The Clarence River Mouth
The townshipof Iluka on the
north side and Yamba on the south
Iluka is home to The Clarence River Fishermens Co-op. They had 70 active commercial fishermen in the year 2000, in February this year there were only 35. Reduced access to fishing grounds, rising operational costs and cheap imports are taking their toll. Commercial fishermen have had to face the cruel reality that the job they love and spent all your life doing, is no longer viable.
Chairman of the Clarence Co-operative explains why the men who want to leave the industry are ham-strung. "Because of the cost of just keeping the boats, it's really difficult to walk away and find other employment that will cover the cost of having the boat sitting there, so you've got to keep working them. They really deteriorate fast just sitting there, they rust up or rot. It costs at least $30,000 a year to maintain a boat and then there is work cover insurance, fuel and repair costs.
Skipper Gordon Farrell trained as a fitter and turner and would like to leave the industry and work around Australia. But that's impossible. His boat has been on the market for months, it was once valued at over $1 million. When he put it on the market, for just over $300,000, he had just one offer of $200,000 so he can't leave, he's got to keep working his boat.
Last year Andrew Hayward, after 13 years as skipper of the Rhondae II, realised he couldn't make a living from prawns anymore. His brother's boat El Sombrero used to sit next to his at the Yamba boat harbour but when he saw his brother's for sale sign, he decided to sell too. No price was set but the brothers hoped they could sell both boats at a reduced price. While waiting for a sale, to cut costs, they only worked one boat and stayed close to shore to save on fuel. One week they went away for 3 nights and returned home out of pocket by $130 each.
Clarence Nationals MP Steve Cansdell told parliament in September this year that a well-designed buy-back and a crack down on illegal professional fishing are needed to secure the future of the industry on the Clarence River. Quoting from a letter he received from a local fisherman he read "We have not had a solid income in months. How long before the government of the day starts to take notice or offers us some help. Do they intend to wait until fishermen start to take their own lives before they offer us any assistance? Steve, we are getting very close to that point".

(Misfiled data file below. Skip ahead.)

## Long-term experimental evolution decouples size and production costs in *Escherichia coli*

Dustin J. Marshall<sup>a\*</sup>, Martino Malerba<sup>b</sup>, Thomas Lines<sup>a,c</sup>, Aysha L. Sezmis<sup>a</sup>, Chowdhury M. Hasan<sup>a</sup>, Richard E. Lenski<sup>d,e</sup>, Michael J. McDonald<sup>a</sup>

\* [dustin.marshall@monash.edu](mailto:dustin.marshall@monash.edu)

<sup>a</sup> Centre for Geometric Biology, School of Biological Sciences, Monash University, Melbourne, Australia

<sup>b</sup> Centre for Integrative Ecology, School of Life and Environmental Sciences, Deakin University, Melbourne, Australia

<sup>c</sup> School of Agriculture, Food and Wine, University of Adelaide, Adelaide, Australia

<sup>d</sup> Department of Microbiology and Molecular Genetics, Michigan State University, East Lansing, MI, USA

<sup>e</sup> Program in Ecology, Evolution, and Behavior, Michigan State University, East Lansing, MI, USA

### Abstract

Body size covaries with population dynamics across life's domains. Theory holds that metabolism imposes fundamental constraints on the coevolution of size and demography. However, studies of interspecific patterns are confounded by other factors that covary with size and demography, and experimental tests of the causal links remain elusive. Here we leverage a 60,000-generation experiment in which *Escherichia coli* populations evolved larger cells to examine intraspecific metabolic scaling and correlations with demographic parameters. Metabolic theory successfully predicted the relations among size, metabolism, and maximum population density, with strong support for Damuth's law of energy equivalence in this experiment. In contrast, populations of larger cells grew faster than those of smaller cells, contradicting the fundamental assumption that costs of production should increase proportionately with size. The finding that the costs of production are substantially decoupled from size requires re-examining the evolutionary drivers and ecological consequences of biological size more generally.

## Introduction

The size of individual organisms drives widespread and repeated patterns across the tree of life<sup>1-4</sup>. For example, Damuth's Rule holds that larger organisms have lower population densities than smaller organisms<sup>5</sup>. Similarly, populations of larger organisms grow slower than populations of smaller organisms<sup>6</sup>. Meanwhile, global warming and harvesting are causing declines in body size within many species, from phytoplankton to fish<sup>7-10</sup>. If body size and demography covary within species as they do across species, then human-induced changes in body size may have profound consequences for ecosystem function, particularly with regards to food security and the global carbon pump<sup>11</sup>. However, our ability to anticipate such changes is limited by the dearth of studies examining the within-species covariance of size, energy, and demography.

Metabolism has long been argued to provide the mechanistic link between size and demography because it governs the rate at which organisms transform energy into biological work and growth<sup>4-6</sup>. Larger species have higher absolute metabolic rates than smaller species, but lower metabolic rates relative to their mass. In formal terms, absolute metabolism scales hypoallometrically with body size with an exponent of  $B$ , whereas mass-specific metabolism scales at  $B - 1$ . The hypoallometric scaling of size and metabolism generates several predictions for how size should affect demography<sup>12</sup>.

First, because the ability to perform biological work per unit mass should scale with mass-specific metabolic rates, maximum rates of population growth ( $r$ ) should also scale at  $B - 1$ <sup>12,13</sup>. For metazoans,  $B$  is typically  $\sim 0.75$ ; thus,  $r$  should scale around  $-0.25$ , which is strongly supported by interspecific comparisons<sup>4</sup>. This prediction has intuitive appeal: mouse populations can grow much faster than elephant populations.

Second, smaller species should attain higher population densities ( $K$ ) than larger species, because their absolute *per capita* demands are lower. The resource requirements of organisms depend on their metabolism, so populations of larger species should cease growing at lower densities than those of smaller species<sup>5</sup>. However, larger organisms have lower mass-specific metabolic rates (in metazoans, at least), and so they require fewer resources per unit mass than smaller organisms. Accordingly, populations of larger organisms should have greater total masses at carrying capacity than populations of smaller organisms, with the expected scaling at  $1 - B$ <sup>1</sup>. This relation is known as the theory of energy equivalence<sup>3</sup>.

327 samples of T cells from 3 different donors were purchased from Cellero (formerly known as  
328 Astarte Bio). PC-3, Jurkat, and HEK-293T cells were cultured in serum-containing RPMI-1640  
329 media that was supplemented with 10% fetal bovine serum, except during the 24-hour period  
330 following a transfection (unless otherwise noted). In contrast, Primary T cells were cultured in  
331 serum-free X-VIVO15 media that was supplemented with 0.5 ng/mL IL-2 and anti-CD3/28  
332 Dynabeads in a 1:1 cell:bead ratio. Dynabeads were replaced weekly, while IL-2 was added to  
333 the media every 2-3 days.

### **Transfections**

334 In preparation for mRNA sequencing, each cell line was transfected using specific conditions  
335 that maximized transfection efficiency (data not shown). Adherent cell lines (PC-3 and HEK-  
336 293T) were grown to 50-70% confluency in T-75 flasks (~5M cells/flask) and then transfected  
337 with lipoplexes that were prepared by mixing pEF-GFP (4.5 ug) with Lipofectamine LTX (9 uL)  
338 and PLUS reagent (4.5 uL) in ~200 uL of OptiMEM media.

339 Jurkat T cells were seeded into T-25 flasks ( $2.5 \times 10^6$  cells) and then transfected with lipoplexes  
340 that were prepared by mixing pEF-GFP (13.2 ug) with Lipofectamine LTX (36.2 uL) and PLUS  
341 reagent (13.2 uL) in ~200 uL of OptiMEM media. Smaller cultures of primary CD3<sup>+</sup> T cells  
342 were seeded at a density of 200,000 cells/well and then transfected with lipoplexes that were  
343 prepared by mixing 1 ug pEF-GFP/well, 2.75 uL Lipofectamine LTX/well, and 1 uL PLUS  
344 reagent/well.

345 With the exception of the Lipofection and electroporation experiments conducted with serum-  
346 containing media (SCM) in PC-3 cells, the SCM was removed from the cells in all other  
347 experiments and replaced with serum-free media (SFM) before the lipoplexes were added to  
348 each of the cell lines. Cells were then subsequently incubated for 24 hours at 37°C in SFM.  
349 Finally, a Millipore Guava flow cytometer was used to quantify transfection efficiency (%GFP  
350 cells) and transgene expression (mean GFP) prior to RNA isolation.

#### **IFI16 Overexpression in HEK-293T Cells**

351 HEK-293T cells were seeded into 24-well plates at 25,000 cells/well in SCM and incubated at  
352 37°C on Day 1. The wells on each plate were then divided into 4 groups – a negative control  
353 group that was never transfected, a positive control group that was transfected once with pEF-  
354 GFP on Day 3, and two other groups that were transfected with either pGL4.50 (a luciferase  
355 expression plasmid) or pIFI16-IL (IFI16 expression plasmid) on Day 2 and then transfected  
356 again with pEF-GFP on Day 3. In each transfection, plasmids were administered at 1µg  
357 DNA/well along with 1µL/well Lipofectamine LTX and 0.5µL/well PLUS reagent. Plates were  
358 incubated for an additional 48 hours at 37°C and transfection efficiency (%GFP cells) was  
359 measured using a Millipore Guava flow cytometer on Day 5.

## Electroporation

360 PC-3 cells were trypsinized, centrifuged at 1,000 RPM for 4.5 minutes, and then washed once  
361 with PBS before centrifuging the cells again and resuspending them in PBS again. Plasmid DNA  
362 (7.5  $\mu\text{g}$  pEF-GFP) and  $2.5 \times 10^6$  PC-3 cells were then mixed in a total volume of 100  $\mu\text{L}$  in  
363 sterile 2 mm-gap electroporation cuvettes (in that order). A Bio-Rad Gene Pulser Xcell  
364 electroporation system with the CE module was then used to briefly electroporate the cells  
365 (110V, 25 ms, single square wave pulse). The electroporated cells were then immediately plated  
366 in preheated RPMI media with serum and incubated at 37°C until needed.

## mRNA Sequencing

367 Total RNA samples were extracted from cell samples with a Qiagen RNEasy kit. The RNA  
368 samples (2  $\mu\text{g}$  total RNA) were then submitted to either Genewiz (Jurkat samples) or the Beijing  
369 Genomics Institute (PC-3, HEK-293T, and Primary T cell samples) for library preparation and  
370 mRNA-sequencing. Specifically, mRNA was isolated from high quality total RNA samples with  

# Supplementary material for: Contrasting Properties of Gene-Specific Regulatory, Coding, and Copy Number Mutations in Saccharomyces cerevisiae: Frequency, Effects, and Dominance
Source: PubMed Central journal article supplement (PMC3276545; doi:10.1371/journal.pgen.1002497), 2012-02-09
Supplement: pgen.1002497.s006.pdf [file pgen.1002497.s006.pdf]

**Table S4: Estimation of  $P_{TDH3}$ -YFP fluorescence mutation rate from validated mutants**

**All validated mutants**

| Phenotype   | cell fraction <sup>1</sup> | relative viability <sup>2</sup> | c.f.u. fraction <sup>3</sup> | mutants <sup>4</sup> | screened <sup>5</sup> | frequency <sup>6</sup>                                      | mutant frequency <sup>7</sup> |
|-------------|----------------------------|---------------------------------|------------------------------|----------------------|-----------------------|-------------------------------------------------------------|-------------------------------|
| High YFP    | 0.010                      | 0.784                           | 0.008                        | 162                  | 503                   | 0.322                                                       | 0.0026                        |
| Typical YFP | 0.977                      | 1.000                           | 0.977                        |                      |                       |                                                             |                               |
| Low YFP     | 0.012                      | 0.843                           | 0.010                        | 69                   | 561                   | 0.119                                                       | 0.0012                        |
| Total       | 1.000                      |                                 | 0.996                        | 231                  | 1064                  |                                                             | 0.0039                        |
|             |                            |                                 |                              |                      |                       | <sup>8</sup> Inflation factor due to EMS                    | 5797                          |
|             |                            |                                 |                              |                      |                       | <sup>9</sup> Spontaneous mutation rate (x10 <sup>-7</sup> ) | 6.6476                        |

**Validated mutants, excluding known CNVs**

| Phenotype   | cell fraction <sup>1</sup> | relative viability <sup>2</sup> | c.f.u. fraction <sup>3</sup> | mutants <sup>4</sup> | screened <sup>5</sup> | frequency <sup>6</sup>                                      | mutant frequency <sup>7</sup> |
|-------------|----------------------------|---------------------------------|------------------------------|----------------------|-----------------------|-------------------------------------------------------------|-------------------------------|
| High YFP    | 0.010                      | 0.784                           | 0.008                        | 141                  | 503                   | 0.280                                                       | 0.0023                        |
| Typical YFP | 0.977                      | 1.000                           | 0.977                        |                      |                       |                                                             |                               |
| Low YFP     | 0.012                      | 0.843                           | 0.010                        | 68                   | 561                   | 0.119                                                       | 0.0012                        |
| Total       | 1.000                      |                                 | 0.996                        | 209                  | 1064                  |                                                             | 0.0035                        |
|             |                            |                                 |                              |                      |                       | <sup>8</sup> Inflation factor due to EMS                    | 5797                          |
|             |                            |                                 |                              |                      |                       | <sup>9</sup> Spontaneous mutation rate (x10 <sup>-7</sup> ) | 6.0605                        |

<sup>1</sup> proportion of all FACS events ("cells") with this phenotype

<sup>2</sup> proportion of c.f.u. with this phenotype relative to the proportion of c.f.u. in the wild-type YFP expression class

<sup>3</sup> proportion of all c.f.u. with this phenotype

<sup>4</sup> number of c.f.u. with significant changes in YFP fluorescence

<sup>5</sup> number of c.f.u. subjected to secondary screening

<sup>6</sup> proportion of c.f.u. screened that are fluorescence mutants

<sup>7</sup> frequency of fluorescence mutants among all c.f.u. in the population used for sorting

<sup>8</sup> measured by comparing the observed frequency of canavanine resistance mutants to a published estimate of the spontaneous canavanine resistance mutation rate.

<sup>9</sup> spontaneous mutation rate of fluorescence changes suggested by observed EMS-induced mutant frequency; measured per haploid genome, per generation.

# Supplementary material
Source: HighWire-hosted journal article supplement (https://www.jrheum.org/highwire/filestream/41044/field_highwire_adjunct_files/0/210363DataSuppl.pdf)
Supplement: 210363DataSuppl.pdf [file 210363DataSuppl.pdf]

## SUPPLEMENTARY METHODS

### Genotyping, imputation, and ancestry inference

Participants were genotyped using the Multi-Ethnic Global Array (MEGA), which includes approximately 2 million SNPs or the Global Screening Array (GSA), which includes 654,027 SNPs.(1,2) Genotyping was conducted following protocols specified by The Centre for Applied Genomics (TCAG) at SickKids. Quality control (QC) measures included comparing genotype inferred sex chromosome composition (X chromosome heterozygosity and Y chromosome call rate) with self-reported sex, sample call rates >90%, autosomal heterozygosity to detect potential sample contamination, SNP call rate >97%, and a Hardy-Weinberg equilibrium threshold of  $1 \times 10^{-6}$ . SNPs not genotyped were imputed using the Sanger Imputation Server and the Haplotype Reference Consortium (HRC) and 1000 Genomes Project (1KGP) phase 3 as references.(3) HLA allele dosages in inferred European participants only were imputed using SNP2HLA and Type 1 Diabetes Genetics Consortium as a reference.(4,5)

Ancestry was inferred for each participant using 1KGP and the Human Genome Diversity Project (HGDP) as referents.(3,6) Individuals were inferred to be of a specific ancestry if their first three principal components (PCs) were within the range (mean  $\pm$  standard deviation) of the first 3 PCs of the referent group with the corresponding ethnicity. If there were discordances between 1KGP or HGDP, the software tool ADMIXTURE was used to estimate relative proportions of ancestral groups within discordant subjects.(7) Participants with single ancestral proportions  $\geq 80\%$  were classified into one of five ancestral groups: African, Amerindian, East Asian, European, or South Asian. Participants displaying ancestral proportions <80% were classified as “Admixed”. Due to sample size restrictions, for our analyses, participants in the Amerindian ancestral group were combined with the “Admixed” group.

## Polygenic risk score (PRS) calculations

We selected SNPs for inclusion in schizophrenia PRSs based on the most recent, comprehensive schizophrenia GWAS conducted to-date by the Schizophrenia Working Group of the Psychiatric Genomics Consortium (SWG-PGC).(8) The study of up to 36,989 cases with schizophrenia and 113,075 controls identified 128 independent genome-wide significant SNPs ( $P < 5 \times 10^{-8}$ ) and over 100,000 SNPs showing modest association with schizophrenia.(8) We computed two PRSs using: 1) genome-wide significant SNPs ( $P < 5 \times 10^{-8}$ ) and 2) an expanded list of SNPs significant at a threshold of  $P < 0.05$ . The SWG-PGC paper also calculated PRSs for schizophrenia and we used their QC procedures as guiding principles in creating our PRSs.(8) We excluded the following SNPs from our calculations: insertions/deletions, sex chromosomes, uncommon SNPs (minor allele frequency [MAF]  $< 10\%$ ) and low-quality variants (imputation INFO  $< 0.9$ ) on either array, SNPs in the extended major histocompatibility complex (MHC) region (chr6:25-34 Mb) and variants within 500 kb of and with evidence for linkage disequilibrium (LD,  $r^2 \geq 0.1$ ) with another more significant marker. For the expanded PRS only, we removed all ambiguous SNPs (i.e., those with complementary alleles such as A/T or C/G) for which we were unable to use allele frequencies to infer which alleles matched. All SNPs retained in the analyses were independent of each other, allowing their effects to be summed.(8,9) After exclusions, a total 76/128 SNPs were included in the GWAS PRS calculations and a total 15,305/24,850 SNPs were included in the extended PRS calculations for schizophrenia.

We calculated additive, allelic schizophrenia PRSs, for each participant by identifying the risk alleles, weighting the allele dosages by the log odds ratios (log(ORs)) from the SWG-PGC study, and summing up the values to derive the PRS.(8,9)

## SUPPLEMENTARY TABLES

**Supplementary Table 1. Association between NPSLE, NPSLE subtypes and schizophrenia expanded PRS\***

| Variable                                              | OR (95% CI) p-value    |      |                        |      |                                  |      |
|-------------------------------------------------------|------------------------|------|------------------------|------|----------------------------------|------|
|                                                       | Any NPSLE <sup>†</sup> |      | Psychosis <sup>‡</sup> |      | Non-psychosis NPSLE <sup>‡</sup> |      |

The government has already spent millions on licence buy-backs in the last few years, namely Sydney Harbour, the south coast around Batemans Bay, Port Stephens and Byron Bay. For those who are left in the Clarence, they are waiting and praying that their time will come soon.
Steve Cansdell also said that one of the most insidious problems associated with the fishing industry is the sale of fish on the black market to shops, clubs and restaurants. The state's illicit seafood market is believed to be worth a fortune but the government refuses to reveal its true value, saying it would only lead to more people becoming involved.
Chinese restaurants can't get enough abalone and pay well for it. Abalone, rock lobsters, mud crabs, oysters, blue eyed cod, tuna, kingfish and snapper are the main targets on the black market in NSW. Sea horses are also being caught illegally and exported to Asia for traditional medicines.
But here's the bottom line - there are so few fisheries inspectors remaining today, there is little chance of ever catching the criminals. There are only three officers patrolling the Port Stephens region from Stockton to the Myall Lakes and two cover the Hunter region, including Lake Macquarie, Newcastle and the Hunter, Williams and Paterson rivers. A third inspector position in the hunter region has remained unfilled for three years.
Organised crime including Bikie gangs, Asian triads, and fishermen, both recreational and professional, are all said to be involved in the very lucrative black market seafood trade, not only in the state of NSW, but right across the country.